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Monday, October 15, 2012
4:00 - 5:30 pm
Carr Center Conference Room (R-219)
Susan Murcott, Senior Lecturer, Civil and Environmental Engineering Department at MIT
Title: Lessons in Safe Drinking Water from Northern Ghana: Assessing Seven Years of Work in Household-Scale Ceramic Water Filters
About the talk:
Susan Murcott will provide an overview of lessons from the 7-year implementation of household ceramic water filters in Northern Ghana with Pure Home Water.
Pure Home Water is a non-profit organization that produces and distributes low-cost ceramic water filters to the most remote areas of Ghana where the infant mortality rate can be 25 times that of the United States (155 infant deaths/1000 live births in N. Ghana). Pure Home Water has distributed filters to 100,000 households to date, but, with 2 billion people worldwide lacking safe drinking water, the goal is far more ambitious. In the past 7 years, over 100 MIT engineering, planning, policy and business students have done field research in Ghana, assisting Pure Home Water to improve product reliability, reduce production costs, monitor progress, become financially sustainable and scale up.
Susan Murcott is a Senior Lecturer in the MIT Dept. of Civil and Environmental Engineering. She is an expert water and sanitation infrastructure systems in developing countries with a focus on the bottom billion(s) lacking safe water and basic sanitation.
Susan Murcott’s research is on water and sanitation in developing countries, including the treatment and safe storage of household drinking water. Murcott's field of endeavor is water and wastewater treatment technologies in developing countries. During the 1990s, her research and professional consulting practice focused on innovations in wastewater treatment for megacities in Mexico, Brazil, Eastern Europe and China. Since 1998, she has led multi-disciplinary teams in developing country field projects through the MIT Civil and Environmental Engineering, Masters of Engineering Program. She is a leader in the emerging field of household water treatment and safe storage. These are technologies designed explicitly for those who lack a piped water supply and/or as an additional barrier of protection to those who have “improved” water from piped supplies, boreholes, rainwater harvesting, protected wells or springs. She has led projects in Nepal, Haiti, Nicaragua, Dominican Republic, Brazil, Peru, Kenya, Ghana, Bangladesh and Cambodia. These initiatives are part of her larger effort “Safe Water for 1 Billion People” to train MIT students as water professionals and global citizens and to concurrently assist in bringing safe drinking water and sanitation to the developing world.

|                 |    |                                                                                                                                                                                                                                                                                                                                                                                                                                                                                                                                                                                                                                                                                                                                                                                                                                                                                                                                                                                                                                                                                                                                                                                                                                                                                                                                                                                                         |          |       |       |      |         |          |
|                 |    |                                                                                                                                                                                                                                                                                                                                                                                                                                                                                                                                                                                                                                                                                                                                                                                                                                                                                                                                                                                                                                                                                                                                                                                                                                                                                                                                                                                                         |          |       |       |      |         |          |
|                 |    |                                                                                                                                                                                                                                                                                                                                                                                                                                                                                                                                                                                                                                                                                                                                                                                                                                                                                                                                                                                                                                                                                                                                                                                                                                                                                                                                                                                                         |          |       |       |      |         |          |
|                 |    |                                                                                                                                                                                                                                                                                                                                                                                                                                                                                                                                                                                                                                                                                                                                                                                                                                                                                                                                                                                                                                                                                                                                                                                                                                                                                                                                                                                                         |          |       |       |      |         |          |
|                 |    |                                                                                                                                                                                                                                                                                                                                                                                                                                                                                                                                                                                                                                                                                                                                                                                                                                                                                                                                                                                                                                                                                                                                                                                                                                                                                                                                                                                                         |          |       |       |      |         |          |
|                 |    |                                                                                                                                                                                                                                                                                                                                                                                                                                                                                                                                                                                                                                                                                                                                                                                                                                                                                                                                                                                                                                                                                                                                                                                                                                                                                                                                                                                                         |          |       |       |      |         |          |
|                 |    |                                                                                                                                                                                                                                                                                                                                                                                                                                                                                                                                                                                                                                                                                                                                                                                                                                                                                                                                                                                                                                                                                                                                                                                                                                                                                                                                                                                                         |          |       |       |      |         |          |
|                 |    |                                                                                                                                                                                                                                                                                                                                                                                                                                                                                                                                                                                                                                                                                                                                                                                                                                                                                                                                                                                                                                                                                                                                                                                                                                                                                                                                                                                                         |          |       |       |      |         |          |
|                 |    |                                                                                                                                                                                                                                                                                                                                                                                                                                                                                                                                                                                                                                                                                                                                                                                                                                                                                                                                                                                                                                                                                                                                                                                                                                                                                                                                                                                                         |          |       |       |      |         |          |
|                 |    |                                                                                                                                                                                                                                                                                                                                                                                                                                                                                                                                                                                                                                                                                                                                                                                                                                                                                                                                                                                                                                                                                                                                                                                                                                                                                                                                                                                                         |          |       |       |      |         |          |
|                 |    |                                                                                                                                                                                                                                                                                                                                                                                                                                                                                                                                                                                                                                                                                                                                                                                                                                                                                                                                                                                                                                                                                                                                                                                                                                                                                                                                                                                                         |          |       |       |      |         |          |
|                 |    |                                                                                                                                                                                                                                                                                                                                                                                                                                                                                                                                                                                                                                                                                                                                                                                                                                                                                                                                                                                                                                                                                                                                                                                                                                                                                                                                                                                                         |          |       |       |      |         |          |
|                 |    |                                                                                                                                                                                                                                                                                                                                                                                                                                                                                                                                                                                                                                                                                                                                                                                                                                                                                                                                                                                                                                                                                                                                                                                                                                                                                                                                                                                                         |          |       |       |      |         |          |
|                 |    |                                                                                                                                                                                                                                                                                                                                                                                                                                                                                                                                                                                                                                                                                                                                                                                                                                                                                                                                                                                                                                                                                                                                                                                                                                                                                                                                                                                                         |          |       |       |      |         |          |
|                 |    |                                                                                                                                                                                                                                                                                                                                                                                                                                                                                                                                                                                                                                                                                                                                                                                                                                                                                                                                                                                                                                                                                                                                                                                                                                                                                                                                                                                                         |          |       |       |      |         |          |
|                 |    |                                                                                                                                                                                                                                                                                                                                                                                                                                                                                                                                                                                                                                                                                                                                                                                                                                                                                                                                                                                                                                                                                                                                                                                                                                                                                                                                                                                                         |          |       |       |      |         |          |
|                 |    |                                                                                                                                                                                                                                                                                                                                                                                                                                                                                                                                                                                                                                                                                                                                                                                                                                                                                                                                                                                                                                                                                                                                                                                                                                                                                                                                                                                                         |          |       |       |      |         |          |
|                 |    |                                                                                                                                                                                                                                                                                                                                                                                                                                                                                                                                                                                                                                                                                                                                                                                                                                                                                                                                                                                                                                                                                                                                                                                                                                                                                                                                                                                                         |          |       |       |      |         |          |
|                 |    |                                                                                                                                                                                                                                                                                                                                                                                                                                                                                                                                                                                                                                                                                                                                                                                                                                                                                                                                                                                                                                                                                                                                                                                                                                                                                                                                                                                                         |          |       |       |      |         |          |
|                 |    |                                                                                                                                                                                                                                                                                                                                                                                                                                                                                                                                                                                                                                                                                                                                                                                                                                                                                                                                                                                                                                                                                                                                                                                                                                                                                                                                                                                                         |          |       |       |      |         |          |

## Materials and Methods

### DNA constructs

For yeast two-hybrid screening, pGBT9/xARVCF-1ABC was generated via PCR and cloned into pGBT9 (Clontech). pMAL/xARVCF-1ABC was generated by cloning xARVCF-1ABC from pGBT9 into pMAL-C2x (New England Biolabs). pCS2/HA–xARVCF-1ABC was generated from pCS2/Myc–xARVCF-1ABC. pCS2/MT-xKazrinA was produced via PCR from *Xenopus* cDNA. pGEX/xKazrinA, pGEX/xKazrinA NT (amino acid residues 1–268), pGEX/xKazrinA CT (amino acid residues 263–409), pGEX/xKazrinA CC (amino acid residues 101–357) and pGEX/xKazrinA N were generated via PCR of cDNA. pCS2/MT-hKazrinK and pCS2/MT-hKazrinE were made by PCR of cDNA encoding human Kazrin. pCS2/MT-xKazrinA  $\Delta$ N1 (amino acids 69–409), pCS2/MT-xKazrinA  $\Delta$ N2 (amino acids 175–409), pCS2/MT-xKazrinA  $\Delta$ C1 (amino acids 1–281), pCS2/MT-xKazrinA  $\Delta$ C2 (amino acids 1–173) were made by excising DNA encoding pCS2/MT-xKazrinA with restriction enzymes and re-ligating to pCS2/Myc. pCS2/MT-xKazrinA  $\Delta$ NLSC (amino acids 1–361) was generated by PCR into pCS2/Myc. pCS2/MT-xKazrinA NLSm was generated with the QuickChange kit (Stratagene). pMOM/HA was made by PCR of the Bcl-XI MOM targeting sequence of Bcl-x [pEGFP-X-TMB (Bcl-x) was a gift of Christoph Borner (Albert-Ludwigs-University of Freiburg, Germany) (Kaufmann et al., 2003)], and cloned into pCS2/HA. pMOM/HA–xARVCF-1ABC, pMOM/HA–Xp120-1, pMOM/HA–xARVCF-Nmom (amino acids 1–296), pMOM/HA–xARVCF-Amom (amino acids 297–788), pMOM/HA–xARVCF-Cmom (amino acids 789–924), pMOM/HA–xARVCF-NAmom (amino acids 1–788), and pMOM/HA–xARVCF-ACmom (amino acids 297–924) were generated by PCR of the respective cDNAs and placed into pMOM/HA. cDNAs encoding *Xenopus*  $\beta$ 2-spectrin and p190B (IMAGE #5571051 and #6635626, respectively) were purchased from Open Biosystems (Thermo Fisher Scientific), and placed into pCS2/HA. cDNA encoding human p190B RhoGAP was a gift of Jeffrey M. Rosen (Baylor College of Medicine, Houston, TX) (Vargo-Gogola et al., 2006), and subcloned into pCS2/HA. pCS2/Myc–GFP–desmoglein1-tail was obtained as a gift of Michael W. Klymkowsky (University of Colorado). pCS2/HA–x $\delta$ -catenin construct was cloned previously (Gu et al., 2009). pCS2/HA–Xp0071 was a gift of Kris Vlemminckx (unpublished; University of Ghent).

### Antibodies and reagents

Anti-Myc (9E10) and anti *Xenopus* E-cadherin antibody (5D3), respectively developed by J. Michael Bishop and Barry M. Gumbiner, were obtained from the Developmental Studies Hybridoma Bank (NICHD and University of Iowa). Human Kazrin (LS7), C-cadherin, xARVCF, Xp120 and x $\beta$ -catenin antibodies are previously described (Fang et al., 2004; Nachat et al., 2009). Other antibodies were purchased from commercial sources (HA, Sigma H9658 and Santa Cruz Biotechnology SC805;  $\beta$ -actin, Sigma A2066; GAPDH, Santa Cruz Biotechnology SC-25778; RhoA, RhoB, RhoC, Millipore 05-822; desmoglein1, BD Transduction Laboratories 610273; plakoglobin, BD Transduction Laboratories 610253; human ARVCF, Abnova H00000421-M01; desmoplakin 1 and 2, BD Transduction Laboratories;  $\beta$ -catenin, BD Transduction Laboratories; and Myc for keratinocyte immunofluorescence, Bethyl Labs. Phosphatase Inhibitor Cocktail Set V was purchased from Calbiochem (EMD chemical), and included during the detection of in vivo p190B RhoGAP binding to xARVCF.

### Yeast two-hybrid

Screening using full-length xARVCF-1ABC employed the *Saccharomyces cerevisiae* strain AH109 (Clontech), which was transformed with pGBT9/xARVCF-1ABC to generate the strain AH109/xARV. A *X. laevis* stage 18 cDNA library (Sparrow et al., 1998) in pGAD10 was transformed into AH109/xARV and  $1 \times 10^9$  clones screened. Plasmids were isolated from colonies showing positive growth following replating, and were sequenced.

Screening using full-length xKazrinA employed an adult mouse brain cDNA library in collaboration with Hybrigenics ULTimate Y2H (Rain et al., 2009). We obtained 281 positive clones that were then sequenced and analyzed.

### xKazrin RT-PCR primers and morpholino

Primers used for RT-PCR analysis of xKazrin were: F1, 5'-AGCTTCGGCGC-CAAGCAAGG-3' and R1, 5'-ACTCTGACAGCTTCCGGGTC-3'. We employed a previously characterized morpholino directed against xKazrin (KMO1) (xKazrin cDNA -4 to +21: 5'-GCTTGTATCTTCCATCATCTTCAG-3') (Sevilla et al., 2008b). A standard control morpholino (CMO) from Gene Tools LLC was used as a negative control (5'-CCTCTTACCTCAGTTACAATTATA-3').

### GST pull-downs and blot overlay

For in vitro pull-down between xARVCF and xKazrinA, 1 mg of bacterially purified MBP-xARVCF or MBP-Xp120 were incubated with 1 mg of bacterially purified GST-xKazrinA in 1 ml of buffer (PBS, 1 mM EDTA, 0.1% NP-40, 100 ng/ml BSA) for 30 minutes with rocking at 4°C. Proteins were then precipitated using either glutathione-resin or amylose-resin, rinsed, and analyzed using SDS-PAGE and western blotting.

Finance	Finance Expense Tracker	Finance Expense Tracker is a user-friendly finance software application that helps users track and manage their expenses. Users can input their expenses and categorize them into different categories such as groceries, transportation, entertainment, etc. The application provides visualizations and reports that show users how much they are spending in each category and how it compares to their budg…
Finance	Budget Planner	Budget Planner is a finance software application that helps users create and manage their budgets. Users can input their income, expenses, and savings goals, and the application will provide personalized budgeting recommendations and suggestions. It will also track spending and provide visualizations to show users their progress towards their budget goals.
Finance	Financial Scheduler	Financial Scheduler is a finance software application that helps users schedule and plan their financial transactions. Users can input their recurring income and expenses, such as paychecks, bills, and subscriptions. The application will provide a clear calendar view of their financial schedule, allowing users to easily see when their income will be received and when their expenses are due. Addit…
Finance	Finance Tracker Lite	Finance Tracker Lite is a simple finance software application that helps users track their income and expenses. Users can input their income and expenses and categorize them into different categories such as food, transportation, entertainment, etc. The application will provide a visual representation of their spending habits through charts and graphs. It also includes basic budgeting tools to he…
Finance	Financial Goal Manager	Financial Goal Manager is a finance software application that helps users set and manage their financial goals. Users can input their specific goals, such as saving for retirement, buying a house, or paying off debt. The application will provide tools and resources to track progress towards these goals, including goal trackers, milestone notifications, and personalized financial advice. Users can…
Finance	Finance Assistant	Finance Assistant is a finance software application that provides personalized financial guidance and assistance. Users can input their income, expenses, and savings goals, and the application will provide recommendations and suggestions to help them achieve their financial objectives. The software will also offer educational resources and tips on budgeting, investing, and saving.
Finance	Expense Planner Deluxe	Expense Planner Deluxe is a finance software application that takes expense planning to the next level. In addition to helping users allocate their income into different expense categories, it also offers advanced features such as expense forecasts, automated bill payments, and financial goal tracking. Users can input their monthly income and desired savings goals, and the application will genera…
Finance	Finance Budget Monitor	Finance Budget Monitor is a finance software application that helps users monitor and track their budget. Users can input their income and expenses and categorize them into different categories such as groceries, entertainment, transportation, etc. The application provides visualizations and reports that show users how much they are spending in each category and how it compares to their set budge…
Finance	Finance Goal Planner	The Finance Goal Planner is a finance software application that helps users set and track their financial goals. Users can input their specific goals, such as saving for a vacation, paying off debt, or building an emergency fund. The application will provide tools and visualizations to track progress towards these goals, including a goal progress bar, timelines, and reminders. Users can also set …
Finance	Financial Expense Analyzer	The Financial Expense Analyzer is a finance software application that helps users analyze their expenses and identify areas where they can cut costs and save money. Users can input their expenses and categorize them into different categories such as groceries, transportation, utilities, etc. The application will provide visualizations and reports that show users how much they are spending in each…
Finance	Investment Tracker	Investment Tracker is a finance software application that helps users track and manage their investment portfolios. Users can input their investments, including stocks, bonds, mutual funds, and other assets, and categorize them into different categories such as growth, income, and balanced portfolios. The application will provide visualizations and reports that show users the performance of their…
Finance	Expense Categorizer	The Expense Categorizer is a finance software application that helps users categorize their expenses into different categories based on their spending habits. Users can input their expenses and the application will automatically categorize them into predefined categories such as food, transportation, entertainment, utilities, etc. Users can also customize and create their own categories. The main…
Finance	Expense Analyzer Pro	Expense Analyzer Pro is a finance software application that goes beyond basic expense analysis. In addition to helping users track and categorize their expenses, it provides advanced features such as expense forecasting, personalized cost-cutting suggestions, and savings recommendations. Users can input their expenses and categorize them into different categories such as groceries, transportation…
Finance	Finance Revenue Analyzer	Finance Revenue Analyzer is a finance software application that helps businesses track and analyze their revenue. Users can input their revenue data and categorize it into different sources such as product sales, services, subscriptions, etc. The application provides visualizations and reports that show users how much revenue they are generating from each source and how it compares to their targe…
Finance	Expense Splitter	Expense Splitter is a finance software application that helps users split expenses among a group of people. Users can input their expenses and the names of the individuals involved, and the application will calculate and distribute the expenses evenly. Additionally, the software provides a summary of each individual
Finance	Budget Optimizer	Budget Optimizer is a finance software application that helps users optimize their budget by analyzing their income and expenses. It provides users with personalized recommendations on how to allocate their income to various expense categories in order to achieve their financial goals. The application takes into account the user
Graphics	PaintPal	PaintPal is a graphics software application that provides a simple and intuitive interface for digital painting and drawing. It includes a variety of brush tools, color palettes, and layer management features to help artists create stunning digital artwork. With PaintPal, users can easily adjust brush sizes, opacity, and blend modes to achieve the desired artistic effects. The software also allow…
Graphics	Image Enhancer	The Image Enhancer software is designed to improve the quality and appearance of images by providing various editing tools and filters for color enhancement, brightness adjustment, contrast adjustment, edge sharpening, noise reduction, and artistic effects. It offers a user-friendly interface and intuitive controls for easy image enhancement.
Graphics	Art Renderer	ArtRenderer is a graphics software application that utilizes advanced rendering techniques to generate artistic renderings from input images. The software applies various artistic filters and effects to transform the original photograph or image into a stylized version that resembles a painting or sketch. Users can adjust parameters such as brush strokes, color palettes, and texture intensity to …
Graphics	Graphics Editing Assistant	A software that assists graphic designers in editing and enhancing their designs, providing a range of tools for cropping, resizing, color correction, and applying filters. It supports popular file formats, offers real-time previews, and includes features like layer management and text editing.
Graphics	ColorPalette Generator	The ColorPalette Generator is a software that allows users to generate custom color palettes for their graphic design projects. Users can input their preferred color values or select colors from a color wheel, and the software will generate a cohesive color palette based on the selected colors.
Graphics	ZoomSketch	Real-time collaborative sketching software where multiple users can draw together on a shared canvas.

Murcott and her student teams have won many competitions and awards, including the Kyoto Water Prize - Top Ten Finalist (2006), St. Andrews Prize for the Environment - 2nd Prize (2006), the Wall Street Journal - Technology Innovation Award - Environment (2005) and a World Bank Development Marketplace Prize (2003). She received the CEE Award for Outstanding Service to the MIT Master of Engineering Program (2003).
At MIT, Murcott teaches “Water and Sanitation Infrastructure in Developing Countries” (11.479J / 1.851J) and “D-Lab III: Disseminating Innovations for the Common Good.” (SP723). At Cambridge University, she has co-taught “Sustainable Development for Large Infrastructure Projects” and “Design for Developing Countries.” She is the author of over 50 professional papers.